The Gateway of the Eye


I have made a covenant with my eyes; why then should I look upon a young woman?
Job 31:1

To break a covenant in the ancient Near East was serious business, resulting in shame or judgment (Joshua 9). That’s why Job’s act was so extraordinary: He made a covenant with his eyes. He couldn’t cast his eyes lustfully upon a young woman; to do so would break his covenant of purity with his eyes (Matthew 5:28).

Why did Job make a covenant with his eyes instead of his tongue, hands, or feet? Surely, he wanted to keep those body parts pure. Perhaps he viewed sight—his eyes—as a gateway for temptation. The tongue, hands, and feet only put in motion what the mind has conceived. And often the mind depends on visual information for its ideas. And perhaps he knew that sight was the gateway for mankind’s original sin: “When [Eve] saw that the tree was good for food . . . she took of its fruit and ate” (Genesis 3:6, emphasis added). Those details are of lesser importance—the point of Job’s action is that he took willful steps to live a pure life before God. And he chose a covenant with his eyes as a way to express his commitment.

Are there any steps you can take to decrease the likelihood of yielding to the temptation to sin? Job’s example may be a good place to begin.

Guarding our hearts begins with guarding our eyes and ears.
Jerry Bridges

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Red – Pieces (Lyrics+Video)


Once upon a time this was me. This is a shout out to everyone who got a second chance. Not all of us get to be this lucky… Most of us just fade away… lost and forgotten

I’m here again
A thousand miles away from you
A broken mess, just scattered pieces of who I am
I tried so hard
Thought I could do this on my own
I’ve lost so much along the way

Then I’ll see your face
I know I’m finally yours
I find everything I thought I lost before
You call my name
I come to you in pieces
So you can make me whole

I’ve come undone
But you make sense of who I am
Like puzzle pieces in your eye

Then I’ll see your face
I know I’m finally yours
I find everything I thought I lost before
You call my name
I come to you in pieces
So you can make me whole!

I tried so hard! So hard!
I tried so hard!

Then I’ll see your face
I know I’m finally yours
I find everything I thought I lost before
You call my name
I come to you in pieces
So you can make me whole
So you can make me whole

The parable of the talents…..


We are closing in the on the holidays already which doesn’t seem possible.  Soon we will be in the season of Advent in the church, a season of waiting and anticipation of Christ’s return. 

Like last week’s scripture, today’s scripture is about what we do while we wait for Christ’s return.  Today’s scripture is titled, “The Parable of the Talents.”

At this point in Matthew’s gospel Christ is in his final days.  He has returned to Jerusalem for the last time.  His final parables in Matthew’s account are about what we are to be doing while waiting for his return.

“For it is as if a man, going on a journey, summoned his servants and entrusted his property to them; to one he gave five talents, to another two, to another one, to each according to his ability.

 A talent was a measure of weight in biblical times.  The master of the estate was incredibly wealthy.  A talent is about 75 pounds of precious metal.  75 pounds.  An ounce of gold today is worth around $1,300. 

If you do the math a talent or 75 pounds of gold today is worth around $1.5 million dollars.  That is one talent, the first servant got five and the second servant got two.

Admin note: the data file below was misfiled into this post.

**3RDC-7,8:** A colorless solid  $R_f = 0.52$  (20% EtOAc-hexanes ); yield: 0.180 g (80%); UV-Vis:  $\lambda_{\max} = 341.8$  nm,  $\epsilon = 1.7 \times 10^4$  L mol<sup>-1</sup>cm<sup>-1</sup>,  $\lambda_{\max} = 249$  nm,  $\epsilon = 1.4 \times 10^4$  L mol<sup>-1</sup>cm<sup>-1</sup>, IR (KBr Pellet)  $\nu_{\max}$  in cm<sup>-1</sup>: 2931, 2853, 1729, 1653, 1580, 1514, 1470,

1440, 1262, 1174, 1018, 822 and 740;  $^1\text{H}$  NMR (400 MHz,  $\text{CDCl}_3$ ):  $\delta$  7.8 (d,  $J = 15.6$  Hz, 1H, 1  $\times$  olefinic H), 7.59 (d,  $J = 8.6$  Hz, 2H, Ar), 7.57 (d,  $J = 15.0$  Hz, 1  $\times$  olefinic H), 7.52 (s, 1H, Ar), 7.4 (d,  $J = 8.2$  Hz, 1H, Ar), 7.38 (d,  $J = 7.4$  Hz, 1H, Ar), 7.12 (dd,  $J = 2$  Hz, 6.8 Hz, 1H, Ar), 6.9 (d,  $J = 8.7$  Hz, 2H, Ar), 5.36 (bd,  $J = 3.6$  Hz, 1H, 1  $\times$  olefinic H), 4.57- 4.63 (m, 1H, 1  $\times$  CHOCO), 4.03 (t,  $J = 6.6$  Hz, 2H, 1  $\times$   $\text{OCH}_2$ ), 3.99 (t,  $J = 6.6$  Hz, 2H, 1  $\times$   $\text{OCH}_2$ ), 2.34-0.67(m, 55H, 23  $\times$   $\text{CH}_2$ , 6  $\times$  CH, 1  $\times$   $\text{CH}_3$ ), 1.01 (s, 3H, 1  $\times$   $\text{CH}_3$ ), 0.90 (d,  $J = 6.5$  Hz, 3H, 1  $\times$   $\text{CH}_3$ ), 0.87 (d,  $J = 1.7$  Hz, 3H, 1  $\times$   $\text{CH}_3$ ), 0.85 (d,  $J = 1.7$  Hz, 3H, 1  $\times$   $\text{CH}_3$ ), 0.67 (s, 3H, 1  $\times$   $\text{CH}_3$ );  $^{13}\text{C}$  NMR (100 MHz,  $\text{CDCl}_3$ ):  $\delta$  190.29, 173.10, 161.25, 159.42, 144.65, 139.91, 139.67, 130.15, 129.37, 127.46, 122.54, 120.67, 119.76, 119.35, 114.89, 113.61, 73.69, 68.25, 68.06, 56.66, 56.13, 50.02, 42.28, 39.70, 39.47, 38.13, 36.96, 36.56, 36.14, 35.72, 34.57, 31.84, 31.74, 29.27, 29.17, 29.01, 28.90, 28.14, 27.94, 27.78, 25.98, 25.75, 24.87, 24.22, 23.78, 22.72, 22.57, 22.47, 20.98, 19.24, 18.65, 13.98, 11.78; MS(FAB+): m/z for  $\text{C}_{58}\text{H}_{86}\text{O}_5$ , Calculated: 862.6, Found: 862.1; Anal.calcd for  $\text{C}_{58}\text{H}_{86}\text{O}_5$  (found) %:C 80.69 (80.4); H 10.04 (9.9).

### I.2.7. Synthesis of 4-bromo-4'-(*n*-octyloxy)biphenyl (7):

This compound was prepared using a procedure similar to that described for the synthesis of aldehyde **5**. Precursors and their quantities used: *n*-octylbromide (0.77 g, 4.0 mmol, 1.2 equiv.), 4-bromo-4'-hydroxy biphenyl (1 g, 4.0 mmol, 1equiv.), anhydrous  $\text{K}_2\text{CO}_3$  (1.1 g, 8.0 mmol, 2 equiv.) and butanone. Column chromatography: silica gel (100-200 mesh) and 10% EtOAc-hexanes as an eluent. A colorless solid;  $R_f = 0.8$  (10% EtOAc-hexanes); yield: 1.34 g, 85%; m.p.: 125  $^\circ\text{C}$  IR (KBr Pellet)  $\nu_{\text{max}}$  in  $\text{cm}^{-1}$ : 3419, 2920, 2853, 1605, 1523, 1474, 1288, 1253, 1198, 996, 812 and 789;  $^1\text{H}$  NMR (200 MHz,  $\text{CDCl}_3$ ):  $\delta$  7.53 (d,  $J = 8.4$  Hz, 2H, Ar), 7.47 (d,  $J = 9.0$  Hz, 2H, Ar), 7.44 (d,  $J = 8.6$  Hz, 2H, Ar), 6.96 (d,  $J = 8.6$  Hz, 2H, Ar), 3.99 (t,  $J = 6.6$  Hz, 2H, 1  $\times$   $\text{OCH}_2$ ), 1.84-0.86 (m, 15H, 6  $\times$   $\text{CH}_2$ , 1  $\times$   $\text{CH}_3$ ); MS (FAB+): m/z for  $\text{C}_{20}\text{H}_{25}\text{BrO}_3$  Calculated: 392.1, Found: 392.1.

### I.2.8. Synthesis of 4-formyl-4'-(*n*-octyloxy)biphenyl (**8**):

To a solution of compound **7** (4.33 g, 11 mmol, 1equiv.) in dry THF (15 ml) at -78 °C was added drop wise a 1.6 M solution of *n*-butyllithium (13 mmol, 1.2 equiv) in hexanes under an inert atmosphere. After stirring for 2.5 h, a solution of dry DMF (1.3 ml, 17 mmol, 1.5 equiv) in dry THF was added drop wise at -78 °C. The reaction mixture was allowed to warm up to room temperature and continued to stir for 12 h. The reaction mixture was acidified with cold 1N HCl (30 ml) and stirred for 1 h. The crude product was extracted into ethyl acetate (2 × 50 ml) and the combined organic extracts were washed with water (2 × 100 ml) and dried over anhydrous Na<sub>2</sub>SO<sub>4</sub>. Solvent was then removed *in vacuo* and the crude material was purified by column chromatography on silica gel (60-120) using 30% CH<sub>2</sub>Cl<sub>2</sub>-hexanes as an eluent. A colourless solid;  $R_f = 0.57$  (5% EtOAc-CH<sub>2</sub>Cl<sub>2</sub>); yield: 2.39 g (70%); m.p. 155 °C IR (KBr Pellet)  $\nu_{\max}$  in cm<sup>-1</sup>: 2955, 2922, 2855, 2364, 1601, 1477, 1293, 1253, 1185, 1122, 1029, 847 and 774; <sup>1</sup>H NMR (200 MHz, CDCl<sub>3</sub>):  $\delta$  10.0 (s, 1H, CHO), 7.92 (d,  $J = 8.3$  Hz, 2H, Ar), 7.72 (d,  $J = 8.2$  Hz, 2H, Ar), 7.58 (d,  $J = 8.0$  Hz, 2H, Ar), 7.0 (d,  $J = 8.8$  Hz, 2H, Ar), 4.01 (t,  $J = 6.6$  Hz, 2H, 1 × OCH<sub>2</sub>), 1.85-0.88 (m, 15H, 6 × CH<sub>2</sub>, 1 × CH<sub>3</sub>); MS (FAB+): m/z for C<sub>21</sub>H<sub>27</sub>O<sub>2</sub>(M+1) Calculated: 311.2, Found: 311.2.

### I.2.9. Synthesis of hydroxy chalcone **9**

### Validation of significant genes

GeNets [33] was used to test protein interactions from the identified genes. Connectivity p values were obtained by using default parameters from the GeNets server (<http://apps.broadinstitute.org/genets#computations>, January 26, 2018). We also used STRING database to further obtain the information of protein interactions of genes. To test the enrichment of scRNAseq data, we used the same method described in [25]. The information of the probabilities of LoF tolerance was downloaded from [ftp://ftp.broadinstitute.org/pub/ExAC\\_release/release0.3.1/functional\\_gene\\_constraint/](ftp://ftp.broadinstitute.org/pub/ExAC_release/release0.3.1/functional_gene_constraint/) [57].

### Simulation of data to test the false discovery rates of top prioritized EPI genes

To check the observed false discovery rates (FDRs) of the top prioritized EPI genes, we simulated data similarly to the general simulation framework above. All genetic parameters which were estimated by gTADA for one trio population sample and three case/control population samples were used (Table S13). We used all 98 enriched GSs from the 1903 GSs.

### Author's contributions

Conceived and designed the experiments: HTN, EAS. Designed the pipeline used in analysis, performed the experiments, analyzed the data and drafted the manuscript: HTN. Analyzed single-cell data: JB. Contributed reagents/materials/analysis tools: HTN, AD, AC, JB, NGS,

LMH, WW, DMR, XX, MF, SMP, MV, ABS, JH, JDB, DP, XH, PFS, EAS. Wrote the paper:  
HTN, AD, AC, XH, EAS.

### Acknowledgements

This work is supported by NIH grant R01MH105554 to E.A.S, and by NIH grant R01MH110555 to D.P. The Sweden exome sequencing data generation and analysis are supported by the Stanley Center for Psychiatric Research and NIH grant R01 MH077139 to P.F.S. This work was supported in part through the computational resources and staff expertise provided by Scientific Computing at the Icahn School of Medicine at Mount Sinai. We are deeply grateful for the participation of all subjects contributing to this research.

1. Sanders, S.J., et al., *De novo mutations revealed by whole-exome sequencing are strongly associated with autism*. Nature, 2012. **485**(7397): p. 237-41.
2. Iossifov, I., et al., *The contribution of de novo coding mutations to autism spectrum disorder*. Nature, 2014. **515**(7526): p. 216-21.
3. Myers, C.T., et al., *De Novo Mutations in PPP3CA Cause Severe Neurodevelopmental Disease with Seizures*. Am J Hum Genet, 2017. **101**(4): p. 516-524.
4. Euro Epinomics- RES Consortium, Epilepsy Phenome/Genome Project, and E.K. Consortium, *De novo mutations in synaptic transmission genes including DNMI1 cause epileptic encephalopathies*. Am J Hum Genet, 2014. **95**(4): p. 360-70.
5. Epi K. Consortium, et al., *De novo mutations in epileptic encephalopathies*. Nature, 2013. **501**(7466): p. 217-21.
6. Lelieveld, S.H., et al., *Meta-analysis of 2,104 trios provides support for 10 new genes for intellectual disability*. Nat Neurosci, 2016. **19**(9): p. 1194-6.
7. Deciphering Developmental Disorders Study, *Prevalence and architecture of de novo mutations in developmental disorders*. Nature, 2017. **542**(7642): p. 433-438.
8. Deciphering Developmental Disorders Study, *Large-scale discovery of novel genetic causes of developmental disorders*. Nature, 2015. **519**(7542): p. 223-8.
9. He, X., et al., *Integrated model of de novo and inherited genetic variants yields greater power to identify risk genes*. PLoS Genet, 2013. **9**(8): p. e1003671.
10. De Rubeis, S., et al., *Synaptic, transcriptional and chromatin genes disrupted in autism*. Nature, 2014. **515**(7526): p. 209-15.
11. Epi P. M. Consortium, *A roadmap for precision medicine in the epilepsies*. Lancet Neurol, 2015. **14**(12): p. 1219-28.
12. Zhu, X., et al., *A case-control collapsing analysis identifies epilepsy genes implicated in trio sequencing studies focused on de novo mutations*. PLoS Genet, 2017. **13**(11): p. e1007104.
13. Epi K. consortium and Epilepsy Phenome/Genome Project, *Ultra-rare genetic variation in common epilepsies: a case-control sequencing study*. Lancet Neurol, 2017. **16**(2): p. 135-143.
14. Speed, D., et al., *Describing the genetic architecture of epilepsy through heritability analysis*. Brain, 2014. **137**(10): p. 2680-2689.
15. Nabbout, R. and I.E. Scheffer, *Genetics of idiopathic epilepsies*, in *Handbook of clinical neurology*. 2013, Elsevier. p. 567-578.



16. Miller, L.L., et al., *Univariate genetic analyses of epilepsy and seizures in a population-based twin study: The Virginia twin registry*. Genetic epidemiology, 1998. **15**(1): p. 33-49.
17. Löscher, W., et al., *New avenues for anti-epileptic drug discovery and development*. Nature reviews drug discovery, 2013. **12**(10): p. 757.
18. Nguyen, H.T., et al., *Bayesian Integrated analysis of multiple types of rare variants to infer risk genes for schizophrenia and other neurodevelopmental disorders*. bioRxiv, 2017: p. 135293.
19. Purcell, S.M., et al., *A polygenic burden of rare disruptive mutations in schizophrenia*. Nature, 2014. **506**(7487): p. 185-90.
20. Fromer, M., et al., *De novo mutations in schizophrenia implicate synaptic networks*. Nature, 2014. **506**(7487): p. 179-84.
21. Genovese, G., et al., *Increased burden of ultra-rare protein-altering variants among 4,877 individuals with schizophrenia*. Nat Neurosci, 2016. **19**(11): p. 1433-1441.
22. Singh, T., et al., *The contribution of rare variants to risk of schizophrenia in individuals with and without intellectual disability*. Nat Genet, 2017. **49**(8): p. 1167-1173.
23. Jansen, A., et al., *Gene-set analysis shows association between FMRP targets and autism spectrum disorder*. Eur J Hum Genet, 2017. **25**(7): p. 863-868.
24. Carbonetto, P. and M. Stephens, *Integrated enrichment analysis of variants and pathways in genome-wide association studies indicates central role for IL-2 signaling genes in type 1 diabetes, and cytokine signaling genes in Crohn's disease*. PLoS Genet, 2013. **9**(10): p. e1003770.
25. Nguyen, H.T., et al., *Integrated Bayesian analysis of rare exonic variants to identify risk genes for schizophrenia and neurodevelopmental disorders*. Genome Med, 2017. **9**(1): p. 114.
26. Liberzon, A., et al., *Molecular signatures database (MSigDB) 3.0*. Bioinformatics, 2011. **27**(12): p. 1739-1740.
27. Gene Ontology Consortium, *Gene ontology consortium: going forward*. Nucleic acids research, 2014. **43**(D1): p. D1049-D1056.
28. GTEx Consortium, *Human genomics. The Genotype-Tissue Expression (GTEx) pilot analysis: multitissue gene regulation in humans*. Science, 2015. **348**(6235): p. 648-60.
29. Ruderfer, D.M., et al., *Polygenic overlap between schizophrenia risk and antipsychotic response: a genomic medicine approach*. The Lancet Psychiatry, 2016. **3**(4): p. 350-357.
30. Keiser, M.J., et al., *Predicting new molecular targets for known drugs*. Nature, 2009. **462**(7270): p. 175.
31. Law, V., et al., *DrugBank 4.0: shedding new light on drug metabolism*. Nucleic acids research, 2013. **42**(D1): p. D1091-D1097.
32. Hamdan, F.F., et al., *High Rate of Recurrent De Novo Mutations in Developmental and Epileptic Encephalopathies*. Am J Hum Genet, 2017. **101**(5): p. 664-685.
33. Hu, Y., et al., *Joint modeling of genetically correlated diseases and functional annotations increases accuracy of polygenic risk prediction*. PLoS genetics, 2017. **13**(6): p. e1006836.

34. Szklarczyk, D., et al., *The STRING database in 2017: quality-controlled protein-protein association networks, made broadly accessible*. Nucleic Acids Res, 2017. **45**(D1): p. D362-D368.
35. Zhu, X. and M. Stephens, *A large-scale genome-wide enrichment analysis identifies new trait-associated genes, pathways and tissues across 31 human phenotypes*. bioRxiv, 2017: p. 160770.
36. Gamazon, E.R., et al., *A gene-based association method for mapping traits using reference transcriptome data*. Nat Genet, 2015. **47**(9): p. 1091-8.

What does scripture say that the master of the estate did after giving this large amount of money to his servants…….He went away.  He didn’t give them any instructions.  He just gave it to them.  It seems apparent that he trusts them to be wise with it.

Helluva nice guy isn’t he.  What if I were to tell you that the master in this parable is Christ, he left but not before giving a bounty to his people?  What if I told you that the servants in this parable were you and I? 

That we have been given a treasure or a talent in the form of intellect, knowledge, life experience, talent, time, our ability to earn and a ton of his grace to boot?

And what if I told you that someday we will have to account for what we did with our God-given talent?  I will come back to that.

The master of the estate, he just left.  No directions, no instructions.  The servants were free to do what they would with what they were entrusted with, much like we are.  I want to talk about this for a minute.

Our God, the God that we serve limits himself in this parable and he does this often.  He limits himself so that others have an opportunity to lead and flourish. 

Christ, being of the same spiritual substance of The Father, came to this earth in the same limited manner that we exist, in flesh and blood.  Bound by time and space among other things. 

He limited himself as a penniless, itinerant carpenter turned preacher who emptied himself of his divinity to take on our broken condition.  He goes beyond limiting himself, he completely emptied himself.

He lived like the poorest of the poor with the poorest of the poor and spent his time with the lowest of the low.  Now, Christ did heal people, he performed miracles, he brought people that were dead back to life. 

But he lives his time on this earth consistently restrained.  And why would he do that………Is it because he hands the keys to the kingdom over to us, to each one of us?  That he wants each one of us to be about his work.

Is it because we are in his final days in the book of Matthew and he is making sure to make his point that he is leaving and these are the expectations for those who profess to know him?

God calls us to lead in one form or another.  Leadership isn’t about titles, we are called to lead our families, our church, our community, our school and many other things.